Philadelphia Eagles News

Offseason Program Countdown: 45 Days

OTA_615x200-45.jpg

Believe it or not, the beginning of the Eagles 2014 season is rapidly approaching. Players will report back to the NovaCare Complex on April 21 for the start of the Eagles offseason program. Join us as we count down until the Eagles are back in town …

DidYouKnow_615x200.jpg

The November 3, 2013 game against the Oakland Raiders was memorable for a number of reasons – most notably, of course, Nick Foles' record-tying, seven-touchdown performance. It also exemplified the blistering, quick-strike and maximum efficiency nature of Chip Kelly's offense. The Eagles scored their seventh touchdown and 49th point of the game on their 45th play (1.09 points per play), which is absurd to think about in general and even more so when you consider that the 2013 Denver Broncos, with a record-setting offense, averaged 0.52 points per play this season. The Eagles, by the way, tied for fifth in the NFL with 0.42 points per play.

BytheJerseyNumber_615x200.jpg

First Eagle To Wear 45: TB/QB Thomas Bushby (1935)
Last Eagle To Wear 45: DB Jamar Adams (2010)

615_Hauck.jpg

Tim Hauck

An undersized, undrafted safety from the University of Montana, Tim Hauck, the original Butte Missile, carved out a 13-year career in the NFL, including three seasons with the Eagles from 1999-2001. He became a folk hero in Philadelphia immediately due to his all-out effort and blue-collar, physical style. Hauck replaced Mike Zordich as the starting strong safety opposite Brian Dawkins in his first season with the team, during which his most infamous moment, unfortunately, resulted from a legal hit that ended Michael Irvin's career. Nevertheless, he is fondly remembered around the league and by teammates as a tremendously valuable special teams player who could start in a pinch and was a respected veteran leader in the locker room. Following his retirement after the 2002 season, Hauck got into coaching and eventually took over as the secondary coach at his alma mater. One of his star pupils at Montana was Colt Anderson, who would go on to follow in Hauck's footsteps in Philadelphia. In fact, Anderson is generally regarded as the second coming of Hauck and has similarly ingratiated himself with both the organization and its fans for his role on the team. Hauck has been successfully climbing the coaching ladder and is now the defensive coordinator and cornerbacks coach at UNLV (he had previously worked as the secondary coach for UCLA, the Tennessee Titans and Cleveland Browns).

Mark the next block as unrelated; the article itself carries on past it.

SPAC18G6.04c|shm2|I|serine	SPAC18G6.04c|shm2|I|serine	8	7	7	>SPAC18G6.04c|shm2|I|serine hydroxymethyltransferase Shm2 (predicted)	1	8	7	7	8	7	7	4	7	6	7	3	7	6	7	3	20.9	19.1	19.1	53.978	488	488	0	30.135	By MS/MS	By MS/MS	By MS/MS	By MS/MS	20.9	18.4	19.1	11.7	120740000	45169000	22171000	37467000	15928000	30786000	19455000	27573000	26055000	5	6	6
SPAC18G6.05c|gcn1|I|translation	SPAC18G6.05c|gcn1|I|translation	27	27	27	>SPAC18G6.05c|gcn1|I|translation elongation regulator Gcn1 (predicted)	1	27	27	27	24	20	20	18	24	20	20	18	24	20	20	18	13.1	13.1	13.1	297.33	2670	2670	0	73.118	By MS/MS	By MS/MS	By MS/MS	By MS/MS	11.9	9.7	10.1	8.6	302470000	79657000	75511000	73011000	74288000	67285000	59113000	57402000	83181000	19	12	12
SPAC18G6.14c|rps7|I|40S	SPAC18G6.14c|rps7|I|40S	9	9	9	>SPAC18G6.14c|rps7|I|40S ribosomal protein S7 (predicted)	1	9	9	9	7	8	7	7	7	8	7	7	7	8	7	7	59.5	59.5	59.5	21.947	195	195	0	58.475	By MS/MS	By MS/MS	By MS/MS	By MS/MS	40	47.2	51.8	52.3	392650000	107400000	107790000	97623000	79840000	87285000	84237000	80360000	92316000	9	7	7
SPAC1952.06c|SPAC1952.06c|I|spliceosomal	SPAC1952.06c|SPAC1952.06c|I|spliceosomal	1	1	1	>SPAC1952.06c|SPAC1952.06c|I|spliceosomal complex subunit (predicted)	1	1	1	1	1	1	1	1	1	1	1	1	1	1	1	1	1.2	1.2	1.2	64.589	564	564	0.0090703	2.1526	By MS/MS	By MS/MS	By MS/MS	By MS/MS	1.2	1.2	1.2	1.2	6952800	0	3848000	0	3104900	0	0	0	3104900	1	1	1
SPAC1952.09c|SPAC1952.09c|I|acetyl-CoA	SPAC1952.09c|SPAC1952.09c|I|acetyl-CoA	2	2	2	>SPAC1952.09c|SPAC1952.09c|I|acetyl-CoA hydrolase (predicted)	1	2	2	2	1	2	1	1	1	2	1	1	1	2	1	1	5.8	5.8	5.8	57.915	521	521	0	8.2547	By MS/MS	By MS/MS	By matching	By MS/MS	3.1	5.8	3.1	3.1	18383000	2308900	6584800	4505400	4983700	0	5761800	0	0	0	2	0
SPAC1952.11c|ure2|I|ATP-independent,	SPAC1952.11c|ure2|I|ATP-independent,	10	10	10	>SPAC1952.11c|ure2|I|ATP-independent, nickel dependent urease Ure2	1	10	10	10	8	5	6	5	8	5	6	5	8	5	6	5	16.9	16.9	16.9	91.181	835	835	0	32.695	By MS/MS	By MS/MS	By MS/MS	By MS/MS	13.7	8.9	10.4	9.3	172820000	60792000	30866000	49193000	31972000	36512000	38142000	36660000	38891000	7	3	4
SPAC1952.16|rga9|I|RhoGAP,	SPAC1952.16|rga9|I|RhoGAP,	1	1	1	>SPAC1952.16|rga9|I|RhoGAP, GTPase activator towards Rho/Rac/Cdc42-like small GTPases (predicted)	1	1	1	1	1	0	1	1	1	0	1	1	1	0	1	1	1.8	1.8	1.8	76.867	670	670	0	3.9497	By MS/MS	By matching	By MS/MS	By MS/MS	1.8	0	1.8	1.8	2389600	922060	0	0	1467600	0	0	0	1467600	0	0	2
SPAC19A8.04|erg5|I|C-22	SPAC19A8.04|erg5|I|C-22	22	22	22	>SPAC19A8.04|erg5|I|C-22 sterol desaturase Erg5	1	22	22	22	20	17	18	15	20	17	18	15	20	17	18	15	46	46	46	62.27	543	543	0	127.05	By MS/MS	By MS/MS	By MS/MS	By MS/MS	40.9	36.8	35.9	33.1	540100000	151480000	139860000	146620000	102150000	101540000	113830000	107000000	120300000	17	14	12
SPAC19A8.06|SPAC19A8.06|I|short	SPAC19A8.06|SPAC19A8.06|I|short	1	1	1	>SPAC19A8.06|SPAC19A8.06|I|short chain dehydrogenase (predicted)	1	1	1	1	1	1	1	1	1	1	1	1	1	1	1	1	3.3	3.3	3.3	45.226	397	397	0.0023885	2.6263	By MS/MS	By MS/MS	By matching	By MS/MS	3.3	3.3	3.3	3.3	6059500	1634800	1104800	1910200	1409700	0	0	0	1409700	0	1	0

This article has been reproduced in a new format and may be missing content or contain faulty links. Please use the Contact Us link in our site footer to report an issue.

Related Content

Advertising